A.How Could Biden Change U.S. Venezuela Policy?
Joe Biden’s victory in the 3 November U.S. presidential election is set to lead to a significant shift in Washington’s view of international relations. But the implications for Venezuela are as yet unclear. The campaign produced few specific commitments, while asserting that the core policy of restoring democracy to Venezuela would endure. That said, the Biden administration is likely to take a more multilateral tack and to abandon the “maximum pressure” doctrine; it certainly will not dabble with the idea of military intervention. “The U.S. should not be in the business of regime change”, Biden has said. That could, among other things, open up the possibility of greater collaboration on Venezuela with the EU, which – along with the International Contact Group it set up in February 2019 – has opted for a less confrontational approach and eschewed both military action and economic sanctions.
The Biden administration is likely to take a more multilateral tack and to abandon the “maximum pressure” doctrine.
Biden’s position on Maduro is likely to be more flexible than the Trump team’s. The latter insisted that the Venezuelan president step down as a condition for any genuine democratic transition. Biden may not regard Maduro’s departure as a prerequisite for seriously engaging with Venezuela and taking steps regarding the bilateral relationship (such as alleviating sanctions).
Among the most significant developments might be a renewed U.S. attempt to engage with Maduro’s closest ally, Cuba, whose personnel are reportedly involved in various key areas of the administration, including intelligence services, ports, public notaries, and immigration and citizen identification systems. Under Trump, Cuba was led to believe that regime change in Venezuela would be a stepping stone toward ousting the communist government in Havana. It has had every incentive to help Maduro survive for as long as possible. If Cuba can be given credible assurances that its government is not under U.S. threat, and offered an alternative to its heavy dependence on Venezuela (particularly for fuel) or promises by the opposition to continue oil supplies, it might be persuaded at least not to hinder a transition. It could be far more difficult to convince Moscow and Beijing to get on board.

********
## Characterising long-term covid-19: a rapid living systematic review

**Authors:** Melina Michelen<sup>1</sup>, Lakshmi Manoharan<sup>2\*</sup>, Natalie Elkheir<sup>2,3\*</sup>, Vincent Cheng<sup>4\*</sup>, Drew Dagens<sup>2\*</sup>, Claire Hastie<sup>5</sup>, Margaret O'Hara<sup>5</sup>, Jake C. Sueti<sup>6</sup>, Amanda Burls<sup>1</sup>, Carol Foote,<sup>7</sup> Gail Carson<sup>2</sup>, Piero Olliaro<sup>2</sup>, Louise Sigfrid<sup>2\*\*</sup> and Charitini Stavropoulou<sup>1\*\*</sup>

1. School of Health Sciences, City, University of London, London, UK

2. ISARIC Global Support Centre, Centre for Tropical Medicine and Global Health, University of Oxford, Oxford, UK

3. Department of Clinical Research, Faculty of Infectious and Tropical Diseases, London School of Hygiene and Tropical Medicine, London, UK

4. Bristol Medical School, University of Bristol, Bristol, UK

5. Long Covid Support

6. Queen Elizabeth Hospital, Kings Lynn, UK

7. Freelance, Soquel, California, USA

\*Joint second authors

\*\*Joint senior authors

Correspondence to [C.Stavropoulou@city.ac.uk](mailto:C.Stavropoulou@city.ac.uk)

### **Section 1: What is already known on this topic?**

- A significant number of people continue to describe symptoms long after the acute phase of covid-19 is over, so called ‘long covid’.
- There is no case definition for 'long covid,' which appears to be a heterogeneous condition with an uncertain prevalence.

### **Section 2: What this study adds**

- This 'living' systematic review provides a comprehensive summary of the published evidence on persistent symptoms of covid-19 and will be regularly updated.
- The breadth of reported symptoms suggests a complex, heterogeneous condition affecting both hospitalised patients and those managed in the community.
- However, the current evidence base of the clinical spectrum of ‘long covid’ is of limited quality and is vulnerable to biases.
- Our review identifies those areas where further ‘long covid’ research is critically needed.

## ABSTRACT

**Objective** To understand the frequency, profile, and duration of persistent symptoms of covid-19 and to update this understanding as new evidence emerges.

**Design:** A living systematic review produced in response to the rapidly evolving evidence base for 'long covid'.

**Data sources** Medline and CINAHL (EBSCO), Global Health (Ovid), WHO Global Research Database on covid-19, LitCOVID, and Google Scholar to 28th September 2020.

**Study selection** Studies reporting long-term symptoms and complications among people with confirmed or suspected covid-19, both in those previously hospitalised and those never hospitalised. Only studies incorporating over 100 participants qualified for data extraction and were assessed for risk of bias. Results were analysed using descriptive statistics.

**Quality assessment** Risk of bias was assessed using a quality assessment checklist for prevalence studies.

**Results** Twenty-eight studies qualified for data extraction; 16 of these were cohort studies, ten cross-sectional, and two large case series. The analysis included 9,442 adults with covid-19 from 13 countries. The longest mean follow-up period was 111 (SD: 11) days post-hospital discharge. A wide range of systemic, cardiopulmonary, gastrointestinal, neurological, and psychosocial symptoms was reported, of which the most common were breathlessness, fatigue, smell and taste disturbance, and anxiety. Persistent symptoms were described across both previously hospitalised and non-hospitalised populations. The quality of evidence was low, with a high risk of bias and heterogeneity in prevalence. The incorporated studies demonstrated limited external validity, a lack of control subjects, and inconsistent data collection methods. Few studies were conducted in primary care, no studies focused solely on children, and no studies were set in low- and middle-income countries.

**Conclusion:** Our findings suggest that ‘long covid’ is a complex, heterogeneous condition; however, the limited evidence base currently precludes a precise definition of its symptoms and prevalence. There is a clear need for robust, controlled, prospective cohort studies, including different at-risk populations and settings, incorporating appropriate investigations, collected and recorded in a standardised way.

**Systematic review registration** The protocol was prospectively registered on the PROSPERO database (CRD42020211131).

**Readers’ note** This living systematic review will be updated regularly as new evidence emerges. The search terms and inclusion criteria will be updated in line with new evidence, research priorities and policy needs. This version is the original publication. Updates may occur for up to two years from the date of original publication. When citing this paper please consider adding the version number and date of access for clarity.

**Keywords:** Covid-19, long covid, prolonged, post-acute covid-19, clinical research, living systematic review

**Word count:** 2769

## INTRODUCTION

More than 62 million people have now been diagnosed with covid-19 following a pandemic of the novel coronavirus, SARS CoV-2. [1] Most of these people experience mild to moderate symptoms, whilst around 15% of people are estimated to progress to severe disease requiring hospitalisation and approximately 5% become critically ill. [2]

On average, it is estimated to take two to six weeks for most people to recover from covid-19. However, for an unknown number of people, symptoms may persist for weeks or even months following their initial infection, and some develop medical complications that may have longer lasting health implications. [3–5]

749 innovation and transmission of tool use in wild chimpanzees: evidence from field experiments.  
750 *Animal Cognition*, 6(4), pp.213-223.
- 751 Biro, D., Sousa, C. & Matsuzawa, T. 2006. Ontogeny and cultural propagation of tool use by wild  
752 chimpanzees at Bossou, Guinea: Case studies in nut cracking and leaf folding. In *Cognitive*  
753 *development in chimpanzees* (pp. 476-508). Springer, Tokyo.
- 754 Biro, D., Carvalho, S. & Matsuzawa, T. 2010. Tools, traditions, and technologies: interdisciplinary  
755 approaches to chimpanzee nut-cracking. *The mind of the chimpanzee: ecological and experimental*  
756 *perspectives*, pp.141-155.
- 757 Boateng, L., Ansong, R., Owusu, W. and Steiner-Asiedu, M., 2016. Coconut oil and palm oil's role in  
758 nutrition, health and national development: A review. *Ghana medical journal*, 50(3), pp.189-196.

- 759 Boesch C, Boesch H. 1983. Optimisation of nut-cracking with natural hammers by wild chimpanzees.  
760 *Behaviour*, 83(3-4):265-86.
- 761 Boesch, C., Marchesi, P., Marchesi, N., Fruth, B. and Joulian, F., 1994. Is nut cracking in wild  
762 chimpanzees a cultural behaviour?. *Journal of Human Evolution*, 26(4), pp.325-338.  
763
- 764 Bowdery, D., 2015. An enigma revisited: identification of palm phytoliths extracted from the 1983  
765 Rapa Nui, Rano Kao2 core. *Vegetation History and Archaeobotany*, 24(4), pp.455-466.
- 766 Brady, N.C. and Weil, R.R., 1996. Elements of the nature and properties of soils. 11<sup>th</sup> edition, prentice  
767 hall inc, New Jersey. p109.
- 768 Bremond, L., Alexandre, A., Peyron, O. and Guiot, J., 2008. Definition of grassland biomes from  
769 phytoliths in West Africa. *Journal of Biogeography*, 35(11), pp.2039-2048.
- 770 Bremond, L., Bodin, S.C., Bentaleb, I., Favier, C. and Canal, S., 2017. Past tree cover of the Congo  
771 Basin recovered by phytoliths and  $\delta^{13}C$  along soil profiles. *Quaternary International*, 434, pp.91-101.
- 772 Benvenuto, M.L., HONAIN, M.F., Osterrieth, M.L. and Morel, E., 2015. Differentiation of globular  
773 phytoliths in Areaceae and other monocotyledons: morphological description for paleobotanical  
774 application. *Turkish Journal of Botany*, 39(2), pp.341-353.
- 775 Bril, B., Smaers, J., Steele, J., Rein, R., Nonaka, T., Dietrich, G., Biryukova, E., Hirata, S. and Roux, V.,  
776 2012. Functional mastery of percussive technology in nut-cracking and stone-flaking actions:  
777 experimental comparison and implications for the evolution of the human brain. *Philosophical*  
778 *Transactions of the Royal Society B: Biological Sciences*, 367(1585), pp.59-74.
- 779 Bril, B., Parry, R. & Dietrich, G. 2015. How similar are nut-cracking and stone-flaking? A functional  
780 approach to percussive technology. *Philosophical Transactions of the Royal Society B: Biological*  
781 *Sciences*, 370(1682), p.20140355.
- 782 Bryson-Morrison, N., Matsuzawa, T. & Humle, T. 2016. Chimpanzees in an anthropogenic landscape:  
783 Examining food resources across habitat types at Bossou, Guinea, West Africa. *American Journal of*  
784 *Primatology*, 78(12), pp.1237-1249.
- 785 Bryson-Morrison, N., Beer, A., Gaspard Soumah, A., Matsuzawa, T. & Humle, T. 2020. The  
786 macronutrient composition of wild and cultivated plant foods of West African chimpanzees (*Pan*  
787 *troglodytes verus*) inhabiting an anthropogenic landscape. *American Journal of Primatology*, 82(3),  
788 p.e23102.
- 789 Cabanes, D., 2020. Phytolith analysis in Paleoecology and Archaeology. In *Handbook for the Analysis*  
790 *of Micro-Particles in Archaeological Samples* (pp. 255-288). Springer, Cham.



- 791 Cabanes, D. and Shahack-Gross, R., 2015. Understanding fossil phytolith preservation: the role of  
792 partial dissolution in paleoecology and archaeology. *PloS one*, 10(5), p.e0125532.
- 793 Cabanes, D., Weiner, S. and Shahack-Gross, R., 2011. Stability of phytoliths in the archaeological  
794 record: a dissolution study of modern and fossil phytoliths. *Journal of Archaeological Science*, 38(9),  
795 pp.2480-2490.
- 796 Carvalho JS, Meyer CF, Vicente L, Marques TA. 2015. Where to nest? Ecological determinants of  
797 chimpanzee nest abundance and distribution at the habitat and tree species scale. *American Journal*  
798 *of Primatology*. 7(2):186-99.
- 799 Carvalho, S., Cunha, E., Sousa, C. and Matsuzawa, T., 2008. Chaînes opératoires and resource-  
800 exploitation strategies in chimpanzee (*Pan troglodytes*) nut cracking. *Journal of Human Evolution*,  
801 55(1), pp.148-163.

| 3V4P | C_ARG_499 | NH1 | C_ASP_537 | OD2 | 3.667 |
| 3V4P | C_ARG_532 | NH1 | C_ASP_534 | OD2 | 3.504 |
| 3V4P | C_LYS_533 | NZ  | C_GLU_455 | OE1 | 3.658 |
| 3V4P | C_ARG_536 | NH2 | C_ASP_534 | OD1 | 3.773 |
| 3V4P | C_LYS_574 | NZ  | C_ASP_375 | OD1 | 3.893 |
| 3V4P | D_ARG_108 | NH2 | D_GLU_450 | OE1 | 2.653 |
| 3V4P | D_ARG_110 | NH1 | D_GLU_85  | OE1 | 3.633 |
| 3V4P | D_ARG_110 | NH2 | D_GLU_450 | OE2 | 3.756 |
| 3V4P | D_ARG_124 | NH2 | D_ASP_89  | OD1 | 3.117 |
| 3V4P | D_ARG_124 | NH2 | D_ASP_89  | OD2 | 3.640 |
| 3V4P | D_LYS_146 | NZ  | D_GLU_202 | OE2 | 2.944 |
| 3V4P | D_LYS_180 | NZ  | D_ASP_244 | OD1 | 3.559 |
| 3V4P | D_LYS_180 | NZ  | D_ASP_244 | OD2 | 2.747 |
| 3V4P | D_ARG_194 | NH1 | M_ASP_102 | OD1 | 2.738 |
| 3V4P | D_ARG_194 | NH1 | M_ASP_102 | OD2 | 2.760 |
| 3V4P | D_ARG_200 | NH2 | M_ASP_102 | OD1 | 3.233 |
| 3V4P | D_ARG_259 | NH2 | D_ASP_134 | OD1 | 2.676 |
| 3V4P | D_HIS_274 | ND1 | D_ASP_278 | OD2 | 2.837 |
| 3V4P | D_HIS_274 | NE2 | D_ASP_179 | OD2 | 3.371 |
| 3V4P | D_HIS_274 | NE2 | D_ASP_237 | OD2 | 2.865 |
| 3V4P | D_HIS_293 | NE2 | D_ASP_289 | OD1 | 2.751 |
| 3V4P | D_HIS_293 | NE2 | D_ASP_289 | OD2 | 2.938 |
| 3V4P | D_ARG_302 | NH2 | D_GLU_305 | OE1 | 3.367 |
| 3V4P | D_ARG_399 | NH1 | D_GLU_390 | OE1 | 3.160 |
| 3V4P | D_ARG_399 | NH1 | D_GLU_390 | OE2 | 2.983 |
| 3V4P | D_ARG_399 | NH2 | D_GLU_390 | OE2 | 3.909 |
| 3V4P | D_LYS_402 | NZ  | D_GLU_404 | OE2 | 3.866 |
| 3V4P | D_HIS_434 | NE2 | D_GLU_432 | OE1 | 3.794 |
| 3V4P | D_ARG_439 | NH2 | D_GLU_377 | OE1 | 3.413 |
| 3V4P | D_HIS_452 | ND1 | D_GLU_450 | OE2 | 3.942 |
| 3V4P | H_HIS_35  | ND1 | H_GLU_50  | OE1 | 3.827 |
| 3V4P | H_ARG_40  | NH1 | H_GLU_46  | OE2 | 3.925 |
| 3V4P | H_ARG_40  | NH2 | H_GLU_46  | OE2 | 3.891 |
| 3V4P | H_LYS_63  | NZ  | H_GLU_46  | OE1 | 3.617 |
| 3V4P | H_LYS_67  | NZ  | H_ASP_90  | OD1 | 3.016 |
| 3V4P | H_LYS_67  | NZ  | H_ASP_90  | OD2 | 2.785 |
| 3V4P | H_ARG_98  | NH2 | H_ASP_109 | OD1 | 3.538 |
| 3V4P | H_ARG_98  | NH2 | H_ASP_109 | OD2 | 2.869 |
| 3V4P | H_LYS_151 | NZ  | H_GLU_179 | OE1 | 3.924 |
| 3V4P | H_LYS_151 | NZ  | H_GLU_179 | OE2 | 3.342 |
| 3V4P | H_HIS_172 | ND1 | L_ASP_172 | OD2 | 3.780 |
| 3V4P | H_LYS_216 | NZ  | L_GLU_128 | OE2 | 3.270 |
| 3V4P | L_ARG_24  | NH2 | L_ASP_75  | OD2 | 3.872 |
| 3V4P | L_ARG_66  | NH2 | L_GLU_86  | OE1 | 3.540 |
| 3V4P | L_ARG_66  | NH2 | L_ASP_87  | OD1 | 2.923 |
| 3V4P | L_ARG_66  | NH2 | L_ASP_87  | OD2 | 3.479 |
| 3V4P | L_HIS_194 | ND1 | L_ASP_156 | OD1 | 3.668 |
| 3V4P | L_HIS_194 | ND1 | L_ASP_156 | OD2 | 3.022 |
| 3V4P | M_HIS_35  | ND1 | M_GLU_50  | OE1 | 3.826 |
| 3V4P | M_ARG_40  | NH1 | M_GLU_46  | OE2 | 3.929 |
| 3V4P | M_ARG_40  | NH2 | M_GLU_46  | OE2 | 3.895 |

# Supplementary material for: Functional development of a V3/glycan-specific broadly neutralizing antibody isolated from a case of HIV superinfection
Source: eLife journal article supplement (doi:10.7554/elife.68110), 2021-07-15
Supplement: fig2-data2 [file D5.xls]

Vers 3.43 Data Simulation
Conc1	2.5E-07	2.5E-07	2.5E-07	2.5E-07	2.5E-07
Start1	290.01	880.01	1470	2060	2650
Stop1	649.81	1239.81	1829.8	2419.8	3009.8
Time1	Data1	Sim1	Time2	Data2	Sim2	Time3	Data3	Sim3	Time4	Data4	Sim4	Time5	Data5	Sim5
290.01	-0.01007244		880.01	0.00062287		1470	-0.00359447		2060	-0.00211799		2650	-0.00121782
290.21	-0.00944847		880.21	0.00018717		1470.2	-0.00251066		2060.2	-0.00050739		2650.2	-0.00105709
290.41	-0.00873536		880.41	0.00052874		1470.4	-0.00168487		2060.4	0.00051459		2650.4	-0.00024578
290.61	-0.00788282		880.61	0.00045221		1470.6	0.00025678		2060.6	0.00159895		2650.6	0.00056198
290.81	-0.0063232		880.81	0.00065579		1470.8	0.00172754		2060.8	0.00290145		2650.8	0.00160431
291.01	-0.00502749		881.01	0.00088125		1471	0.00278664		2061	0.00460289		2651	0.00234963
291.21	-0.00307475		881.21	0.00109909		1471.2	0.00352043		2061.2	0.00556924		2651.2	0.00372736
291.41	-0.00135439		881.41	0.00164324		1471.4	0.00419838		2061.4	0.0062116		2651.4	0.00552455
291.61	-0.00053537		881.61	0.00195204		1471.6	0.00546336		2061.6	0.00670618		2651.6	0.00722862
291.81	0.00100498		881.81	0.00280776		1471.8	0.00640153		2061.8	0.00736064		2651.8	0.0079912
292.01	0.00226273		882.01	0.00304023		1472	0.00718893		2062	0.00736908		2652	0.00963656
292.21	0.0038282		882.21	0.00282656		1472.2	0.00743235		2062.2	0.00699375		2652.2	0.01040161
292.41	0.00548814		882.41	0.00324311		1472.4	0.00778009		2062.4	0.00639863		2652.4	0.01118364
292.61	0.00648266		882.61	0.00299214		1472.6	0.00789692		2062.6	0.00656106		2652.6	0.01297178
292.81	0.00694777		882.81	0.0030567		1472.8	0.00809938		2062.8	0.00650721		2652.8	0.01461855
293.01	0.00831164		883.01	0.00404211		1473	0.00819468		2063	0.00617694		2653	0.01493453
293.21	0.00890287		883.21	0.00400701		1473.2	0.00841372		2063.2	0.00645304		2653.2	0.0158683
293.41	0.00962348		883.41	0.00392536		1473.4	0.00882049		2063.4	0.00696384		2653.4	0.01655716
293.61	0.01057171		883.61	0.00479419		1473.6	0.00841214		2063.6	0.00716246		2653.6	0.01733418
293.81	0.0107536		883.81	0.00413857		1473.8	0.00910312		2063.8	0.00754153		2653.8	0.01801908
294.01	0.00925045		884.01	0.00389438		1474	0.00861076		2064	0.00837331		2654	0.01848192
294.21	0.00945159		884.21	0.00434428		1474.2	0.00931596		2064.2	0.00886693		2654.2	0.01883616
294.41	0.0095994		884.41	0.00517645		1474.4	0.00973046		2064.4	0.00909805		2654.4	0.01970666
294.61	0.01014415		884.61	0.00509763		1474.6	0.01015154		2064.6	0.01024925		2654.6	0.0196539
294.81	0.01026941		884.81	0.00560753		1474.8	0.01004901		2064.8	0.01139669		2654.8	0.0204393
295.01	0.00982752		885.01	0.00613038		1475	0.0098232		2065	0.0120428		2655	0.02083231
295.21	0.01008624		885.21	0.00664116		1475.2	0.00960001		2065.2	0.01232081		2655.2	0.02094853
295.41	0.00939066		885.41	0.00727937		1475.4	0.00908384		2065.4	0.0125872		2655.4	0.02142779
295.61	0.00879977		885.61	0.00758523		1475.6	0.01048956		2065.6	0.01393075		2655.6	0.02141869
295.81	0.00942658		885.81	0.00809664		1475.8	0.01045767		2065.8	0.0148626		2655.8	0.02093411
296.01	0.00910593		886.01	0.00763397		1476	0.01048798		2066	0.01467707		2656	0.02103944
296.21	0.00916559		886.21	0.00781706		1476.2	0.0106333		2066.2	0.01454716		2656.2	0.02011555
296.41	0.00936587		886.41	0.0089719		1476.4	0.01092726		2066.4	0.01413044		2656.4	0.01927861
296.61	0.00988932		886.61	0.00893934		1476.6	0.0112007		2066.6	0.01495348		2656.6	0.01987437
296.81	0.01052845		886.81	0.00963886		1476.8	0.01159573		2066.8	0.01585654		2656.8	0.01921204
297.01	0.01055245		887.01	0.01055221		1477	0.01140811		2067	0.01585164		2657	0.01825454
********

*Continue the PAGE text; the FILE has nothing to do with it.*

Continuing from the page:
Efforts to forge an international consensus to resolve the Venezuelan crisis have foundered so far, not only because of policy differences between Washington and its European allies, but also because of the support provided for the Maduro government by both Russia and China, its two biggest bilateral creditors. This dispute has been most apparent on the handful of occasions on which the issue of Venezuela has reached the UN Security Council, on which both countries sit as permanent (and hence veto-wielding) members.
Efforts to forge an international consensus to resolve the Venezuelan crisis have foundered so far.
Experts on Chinese foreign policy tend to attribute Beijing’s approach to Venezuela primarily to commercial and economic interests (particularly relating to extractive industries), whereas Moscow’s involvement is more explicitly geopolitical. China, the world’s largest oil importer, was granted privileged access to oil from Venezuela (possessor of the world’s largest reserves) in exchange for hefty loans on which Venezuela is now in arrears. Despite U.S. sanctions on the Venezuelan state oil corporation PDVSA, which obliged China to use intermediaries, bilateral trade once again appears to be increasing. But along with Chinese direct investment in Venezuela’s oil industry, the trade has been hard hit by the political and economic crisis. In the first half of 2019, China was importing an average of 350,000 barrels per day from Venezuela, but sanctions obliged it to use intermediaries and the volume dropped by more than two thirds. Direct imports resumed, however, in late 2020.
Chinese officials have privately expressed openness to the idea of a political transition, but Beijing is opposed to what it regards as outside interference in a sovereign state’s affairs, even though it appears to apply that principle less rigorously than in the past.